At the time of the 1994 Rwandan genocide, the Mufti of Rwanda, the most respected Muslim leader in the country, issued a fatwa forbidding Muslims from participating in the killing of the Tutsi. As the country became a slaughterhouse, mosques became places of refuge where Muslims and Christians, Hutus and Tutsis came together to protect each other. KINYARWANDA is based on true accounts from survivors who took refuge at the Grand Mosque of Kigali and the madrassa of Nyanza. It recounts how the Imams opened the doors of the mosques to give refuge to the Tutsi and those Hutu who refused to participate in the killing. … More
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Critic Reviews for Kinyarwanda
It adds texture to the central facts: This happened, and this matters.
While hardly an all-inclusive look at this complex conflict, paints a heartfelt, fairly restrained picture of a nation under siege.
The end result is a film that's un- deniably moving in its depiction of life under siege, in which horrific violence coexists with everyday emotions.
Kinyarwanda offers glimpses into the lives of Rwandans, young and old, religious and radicalized, in the wake of nightmarish carnage.
Each vignette adds to the mosaic. Characters from one turn up in another. Gradually a powerful outcome is arrived at.
Cast with both professional and novice actors (which results in uneven performances), the beautifully shot film is filled with exquisite moments...
fitting tribute and memorial to the million Rwandan souls who lost their lives
As the varied characters organically intersect and intertwine, both the diversity of perspectives and shared oneness of this horrible experience are clearly seen and intimately felt.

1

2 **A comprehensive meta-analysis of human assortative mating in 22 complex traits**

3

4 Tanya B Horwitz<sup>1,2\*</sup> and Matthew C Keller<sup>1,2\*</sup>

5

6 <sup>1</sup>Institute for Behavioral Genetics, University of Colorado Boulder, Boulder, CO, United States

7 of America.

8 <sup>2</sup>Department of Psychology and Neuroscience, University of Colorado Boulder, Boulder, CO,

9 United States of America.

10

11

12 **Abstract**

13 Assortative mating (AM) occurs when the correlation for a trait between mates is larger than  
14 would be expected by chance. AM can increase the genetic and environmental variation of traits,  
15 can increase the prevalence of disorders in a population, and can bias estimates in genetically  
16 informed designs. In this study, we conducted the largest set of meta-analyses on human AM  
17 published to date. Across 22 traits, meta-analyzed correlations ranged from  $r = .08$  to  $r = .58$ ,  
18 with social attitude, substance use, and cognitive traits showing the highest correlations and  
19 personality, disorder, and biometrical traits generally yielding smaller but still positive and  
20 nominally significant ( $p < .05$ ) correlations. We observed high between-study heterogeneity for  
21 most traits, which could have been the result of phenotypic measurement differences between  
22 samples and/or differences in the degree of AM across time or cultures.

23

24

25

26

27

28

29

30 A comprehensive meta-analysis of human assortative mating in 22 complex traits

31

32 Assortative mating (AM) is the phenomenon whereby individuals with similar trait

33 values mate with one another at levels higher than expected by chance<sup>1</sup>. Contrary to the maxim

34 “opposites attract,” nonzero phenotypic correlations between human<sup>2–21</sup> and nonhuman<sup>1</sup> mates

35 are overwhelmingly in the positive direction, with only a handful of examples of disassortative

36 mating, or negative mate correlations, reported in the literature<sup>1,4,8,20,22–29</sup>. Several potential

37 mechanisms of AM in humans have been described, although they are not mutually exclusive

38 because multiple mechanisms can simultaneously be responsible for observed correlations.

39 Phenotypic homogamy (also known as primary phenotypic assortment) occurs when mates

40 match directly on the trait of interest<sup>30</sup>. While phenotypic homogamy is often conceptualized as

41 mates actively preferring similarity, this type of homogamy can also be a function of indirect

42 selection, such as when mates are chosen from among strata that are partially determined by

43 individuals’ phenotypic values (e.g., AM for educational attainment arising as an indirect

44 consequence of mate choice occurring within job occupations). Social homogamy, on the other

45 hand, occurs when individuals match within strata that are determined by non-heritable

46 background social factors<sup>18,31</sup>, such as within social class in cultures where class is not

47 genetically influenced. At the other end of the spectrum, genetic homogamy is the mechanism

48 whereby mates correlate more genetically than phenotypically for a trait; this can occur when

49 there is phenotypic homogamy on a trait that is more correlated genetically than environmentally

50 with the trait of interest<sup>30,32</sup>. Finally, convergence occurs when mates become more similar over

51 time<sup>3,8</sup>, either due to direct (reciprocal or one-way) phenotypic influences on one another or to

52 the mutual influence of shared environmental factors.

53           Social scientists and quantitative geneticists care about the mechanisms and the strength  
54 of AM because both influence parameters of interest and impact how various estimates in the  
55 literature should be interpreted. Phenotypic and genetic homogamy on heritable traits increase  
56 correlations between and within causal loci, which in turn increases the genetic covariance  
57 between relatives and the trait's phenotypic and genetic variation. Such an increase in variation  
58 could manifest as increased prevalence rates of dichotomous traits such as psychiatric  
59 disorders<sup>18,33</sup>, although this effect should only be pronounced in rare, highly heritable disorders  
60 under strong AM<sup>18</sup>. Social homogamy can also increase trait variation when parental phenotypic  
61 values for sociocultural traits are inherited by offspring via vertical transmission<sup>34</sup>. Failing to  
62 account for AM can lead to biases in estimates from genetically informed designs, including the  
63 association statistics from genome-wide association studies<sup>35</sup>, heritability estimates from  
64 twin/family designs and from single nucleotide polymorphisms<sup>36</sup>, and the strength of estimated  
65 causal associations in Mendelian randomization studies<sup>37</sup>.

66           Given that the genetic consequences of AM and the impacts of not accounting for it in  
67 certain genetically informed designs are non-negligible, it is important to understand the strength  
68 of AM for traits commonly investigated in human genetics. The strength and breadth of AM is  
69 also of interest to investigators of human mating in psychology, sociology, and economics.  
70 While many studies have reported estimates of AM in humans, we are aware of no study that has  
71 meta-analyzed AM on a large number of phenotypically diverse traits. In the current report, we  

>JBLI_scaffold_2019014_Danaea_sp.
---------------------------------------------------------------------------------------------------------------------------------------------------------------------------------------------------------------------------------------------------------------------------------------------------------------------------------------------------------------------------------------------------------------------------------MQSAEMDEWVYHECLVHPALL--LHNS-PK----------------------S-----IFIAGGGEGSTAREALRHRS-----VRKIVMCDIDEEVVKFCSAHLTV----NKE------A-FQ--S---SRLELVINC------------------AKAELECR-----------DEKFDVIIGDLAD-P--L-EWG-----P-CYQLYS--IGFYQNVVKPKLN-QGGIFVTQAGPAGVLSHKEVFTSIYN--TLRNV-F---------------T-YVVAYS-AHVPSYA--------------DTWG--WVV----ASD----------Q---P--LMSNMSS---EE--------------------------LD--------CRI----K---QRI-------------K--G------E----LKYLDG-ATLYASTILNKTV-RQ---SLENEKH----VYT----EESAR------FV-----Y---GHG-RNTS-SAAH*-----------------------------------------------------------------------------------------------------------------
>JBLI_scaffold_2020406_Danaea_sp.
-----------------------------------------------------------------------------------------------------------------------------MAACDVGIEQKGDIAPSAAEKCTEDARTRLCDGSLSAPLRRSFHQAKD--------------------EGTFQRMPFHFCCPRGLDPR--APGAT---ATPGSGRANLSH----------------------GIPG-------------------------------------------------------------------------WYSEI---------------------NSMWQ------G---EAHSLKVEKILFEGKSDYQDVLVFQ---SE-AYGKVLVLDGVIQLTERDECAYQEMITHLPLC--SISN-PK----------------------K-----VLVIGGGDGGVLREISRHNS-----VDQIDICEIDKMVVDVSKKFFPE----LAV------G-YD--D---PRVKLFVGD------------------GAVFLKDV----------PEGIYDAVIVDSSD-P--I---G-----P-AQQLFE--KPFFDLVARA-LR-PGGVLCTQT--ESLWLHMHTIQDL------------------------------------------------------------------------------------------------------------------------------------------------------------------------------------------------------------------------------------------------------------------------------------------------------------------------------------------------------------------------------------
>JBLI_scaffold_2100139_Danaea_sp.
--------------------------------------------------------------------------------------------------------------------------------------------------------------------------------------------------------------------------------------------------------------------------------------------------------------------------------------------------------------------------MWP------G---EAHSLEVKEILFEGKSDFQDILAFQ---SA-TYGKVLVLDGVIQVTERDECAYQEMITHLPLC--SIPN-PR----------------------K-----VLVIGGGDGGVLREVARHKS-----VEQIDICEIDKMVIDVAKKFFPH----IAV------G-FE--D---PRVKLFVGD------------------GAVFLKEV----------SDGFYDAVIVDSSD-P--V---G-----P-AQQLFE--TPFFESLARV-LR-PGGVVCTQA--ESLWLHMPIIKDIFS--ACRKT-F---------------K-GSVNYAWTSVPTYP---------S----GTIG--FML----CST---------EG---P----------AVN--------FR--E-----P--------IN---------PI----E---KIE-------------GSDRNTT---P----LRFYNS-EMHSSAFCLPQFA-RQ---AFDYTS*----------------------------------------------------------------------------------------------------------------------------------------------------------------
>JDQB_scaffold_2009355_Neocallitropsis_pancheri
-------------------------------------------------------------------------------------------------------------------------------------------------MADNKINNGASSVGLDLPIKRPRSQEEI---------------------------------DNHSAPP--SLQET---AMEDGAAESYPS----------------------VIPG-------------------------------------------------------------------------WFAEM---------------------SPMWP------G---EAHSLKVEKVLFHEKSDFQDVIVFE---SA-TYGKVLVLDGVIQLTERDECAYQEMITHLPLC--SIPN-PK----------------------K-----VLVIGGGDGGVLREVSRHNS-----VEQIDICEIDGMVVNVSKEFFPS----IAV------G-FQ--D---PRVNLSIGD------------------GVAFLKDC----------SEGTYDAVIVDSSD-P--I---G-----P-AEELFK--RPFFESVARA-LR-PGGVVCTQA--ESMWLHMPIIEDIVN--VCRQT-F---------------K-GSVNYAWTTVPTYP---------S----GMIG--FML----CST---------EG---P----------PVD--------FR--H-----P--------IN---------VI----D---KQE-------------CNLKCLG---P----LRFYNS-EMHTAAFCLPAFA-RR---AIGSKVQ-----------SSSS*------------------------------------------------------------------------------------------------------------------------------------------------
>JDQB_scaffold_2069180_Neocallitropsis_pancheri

All respect to Alrick Brown for giving audiences a fresh take on the Rwandan genocide. In a movie that was shot in 16 days, viewers will be educated and moved.
Audience Reviews for Kinyarwanda
You can't hate a movie like "Kinyarwanda" that is so well-meaning and hopeful about the future of Rwanda.
However, I really can't like a movie like this, either, that does not credibly reflect the complicated reality on the ground, instead just wishing that there will be a 'unified peace,' as one character puts it, and it will magically happen. And while I do want to believe in the best of humanity, it is hard to believe in it happening so often during one of the planet's worst moments. Just as there are brutal killings depicted here, even more often are there warm scenes of people doing the right thing, including one huge bluff to save a group of people about to be killed.
And then there is the decision to go for a complicated structure of interrelated stories which is hard enough to pull off under optimal circumstances which this is not, with the best sequence being the Reeducation Camp. The best option would have been to tell a story of the Rwandan genocide through the point of view of one character, like say Jeanne(Hadidja Zaninka), whose parents are killed.
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